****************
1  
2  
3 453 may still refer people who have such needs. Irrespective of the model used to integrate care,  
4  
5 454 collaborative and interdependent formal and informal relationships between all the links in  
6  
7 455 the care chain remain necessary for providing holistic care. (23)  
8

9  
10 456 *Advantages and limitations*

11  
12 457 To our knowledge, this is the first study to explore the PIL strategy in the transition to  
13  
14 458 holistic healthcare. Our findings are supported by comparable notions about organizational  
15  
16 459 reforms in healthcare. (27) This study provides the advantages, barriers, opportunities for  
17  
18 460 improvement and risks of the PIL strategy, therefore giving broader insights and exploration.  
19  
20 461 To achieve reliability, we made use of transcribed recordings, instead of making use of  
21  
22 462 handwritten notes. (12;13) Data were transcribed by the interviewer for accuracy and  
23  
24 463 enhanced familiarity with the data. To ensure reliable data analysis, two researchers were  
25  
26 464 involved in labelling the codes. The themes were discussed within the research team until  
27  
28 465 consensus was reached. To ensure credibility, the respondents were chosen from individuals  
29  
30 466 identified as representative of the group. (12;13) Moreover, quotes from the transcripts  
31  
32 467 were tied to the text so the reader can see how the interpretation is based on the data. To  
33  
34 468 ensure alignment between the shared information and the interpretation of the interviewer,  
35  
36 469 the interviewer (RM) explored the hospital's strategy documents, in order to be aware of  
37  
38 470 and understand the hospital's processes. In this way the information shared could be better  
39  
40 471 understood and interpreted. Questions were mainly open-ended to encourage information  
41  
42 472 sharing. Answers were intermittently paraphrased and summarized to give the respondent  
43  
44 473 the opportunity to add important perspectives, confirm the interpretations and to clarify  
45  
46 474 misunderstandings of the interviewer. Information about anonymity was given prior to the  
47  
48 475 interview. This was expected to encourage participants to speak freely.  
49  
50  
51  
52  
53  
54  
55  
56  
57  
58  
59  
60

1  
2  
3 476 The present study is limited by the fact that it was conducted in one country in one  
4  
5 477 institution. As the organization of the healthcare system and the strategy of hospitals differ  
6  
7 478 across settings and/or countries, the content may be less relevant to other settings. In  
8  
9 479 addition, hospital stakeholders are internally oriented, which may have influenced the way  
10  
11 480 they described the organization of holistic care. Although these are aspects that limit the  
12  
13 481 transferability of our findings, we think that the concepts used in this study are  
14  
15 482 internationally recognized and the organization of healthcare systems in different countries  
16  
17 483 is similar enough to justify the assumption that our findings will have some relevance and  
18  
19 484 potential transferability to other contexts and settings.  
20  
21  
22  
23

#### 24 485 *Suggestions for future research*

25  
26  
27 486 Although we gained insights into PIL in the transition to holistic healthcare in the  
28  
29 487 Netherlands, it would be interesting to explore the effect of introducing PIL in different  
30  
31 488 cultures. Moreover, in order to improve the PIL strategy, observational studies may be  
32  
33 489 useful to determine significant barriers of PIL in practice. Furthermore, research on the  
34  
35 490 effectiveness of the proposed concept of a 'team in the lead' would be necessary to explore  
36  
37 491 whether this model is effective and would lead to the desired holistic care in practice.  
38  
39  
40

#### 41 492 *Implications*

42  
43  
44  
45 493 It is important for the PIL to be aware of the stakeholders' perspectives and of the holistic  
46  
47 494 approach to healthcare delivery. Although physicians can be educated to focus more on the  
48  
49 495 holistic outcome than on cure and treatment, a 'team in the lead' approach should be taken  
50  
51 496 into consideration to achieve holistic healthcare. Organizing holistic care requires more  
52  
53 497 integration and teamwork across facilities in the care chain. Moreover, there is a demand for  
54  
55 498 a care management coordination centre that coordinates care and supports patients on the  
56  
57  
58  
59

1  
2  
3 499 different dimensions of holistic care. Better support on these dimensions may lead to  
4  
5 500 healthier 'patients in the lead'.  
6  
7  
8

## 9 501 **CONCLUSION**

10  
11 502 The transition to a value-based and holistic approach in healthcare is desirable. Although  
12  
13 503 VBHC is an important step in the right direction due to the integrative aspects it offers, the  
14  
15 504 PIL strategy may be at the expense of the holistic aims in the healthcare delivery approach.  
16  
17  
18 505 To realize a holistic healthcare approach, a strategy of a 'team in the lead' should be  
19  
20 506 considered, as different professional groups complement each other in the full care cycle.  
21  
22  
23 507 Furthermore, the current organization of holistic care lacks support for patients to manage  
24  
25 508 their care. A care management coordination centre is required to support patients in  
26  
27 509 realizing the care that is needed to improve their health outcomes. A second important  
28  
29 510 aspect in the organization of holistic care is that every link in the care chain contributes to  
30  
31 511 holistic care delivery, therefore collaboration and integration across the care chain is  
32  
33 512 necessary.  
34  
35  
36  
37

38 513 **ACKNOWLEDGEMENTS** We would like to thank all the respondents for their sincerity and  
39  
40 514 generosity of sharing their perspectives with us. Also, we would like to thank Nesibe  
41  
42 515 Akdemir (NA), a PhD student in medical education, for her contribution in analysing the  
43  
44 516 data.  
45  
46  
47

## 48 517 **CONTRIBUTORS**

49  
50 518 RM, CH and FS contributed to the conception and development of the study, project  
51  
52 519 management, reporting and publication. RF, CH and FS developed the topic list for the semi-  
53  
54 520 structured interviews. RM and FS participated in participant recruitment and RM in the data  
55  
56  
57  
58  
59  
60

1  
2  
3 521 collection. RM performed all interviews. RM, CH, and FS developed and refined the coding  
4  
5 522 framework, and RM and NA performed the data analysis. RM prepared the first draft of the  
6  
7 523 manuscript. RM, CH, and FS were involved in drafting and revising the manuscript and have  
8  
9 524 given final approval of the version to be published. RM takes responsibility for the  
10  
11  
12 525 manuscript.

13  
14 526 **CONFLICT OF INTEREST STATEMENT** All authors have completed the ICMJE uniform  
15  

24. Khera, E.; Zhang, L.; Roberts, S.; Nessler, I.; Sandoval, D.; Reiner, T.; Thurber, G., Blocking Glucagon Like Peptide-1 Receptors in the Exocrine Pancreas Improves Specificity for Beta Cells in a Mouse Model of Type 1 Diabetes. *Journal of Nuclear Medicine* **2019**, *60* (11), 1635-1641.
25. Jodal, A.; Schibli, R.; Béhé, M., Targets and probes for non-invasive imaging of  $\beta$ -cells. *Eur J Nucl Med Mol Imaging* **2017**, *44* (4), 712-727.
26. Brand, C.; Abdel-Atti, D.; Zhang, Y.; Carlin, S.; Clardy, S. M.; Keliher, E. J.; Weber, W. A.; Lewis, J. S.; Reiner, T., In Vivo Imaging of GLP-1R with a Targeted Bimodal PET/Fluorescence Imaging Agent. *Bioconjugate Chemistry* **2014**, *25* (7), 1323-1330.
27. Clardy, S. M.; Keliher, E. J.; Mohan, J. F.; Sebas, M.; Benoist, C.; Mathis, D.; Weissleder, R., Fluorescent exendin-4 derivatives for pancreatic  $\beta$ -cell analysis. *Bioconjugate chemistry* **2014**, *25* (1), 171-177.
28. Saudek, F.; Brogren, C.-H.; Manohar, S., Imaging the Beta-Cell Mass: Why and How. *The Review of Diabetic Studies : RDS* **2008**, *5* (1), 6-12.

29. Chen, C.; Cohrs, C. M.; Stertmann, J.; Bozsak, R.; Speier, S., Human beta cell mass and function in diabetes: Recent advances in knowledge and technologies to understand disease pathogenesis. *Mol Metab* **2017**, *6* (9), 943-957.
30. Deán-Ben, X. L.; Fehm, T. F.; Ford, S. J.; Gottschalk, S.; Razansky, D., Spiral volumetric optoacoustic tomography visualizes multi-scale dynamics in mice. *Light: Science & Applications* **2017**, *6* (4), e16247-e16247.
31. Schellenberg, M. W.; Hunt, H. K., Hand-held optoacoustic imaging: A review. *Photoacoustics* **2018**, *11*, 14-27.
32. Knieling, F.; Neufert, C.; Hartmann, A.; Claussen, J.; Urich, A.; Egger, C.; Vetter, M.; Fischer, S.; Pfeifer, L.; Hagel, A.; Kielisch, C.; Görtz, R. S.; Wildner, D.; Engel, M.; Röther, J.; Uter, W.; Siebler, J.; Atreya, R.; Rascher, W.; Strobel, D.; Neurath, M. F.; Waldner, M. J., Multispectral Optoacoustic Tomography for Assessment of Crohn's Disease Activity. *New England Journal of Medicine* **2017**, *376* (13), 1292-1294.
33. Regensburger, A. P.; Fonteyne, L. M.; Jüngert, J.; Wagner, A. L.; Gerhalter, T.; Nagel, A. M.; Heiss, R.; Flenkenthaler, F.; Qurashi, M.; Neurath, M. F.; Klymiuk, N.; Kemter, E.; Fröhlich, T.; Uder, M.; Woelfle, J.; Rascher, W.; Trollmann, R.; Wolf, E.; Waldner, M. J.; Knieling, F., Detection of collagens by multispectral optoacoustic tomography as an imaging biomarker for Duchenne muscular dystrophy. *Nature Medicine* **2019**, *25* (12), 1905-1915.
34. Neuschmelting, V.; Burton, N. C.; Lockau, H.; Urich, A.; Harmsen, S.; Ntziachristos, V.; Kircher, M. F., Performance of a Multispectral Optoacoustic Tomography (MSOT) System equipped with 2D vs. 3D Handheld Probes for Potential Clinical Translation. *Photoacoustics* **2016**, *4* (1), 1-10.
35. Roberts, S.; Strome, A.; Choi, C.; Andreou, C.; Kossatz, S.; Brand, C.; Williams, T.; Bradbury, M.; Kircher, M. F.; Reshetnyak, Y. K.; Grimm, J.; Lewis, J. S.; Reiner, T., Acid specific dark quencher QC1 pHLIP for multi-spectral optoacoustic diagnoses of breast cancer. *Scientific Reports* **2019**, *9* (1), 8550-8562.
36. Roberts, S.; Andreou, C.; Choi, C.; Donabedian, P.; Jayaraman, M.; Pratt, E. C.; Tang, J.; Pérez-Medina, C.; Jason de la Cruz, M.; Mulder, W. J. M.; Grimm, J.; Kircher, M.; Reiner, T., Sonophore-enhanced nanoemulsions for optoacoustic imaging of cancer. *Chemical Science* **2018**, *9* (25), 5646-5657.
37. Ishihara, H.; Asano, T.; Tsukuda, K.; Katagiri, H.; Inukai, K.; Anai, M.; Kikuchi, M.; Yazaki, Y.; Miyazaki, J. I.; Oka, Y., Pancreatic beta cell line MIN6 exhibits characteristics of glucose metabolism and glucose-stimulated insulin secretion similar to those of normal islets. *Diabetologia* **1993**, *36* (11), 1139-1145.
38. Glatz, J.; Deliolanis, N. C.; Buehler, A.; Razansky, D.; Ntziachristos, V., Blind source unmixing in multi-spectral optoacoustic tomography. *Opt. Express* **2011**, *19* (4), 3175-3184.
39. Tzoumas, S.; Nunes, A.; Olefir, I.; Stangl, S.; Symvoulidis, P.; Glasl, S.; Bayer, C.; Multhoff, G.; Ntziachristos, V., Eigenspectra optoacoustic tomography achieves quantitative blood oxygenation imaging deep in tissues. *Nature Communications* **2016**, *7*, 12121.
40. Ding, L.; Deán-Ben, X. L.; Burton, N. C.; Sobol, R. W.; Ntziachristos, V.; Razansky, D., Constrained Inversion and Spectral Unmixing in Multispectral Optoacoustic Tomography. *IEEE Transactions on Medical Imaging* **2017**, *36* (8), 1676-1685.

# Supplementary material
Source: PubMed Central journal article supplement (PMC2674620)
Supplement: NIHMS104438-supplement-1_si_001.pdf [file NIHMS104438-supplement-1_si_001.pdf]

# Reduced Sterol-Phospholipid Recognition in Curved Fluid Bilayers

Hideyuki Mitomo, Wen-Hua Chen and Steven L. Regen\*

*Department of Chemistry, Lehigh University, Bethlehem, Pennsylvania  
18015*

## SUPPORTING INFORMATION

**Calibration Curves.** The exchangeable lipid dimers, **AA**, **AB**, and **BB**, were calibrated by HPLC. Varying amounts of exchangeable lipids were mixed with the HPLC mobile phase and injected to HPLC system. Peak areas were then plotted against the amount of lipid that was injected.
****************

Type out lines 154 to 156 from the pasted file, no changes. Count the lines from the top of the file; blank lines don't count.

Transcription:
35  
36  
37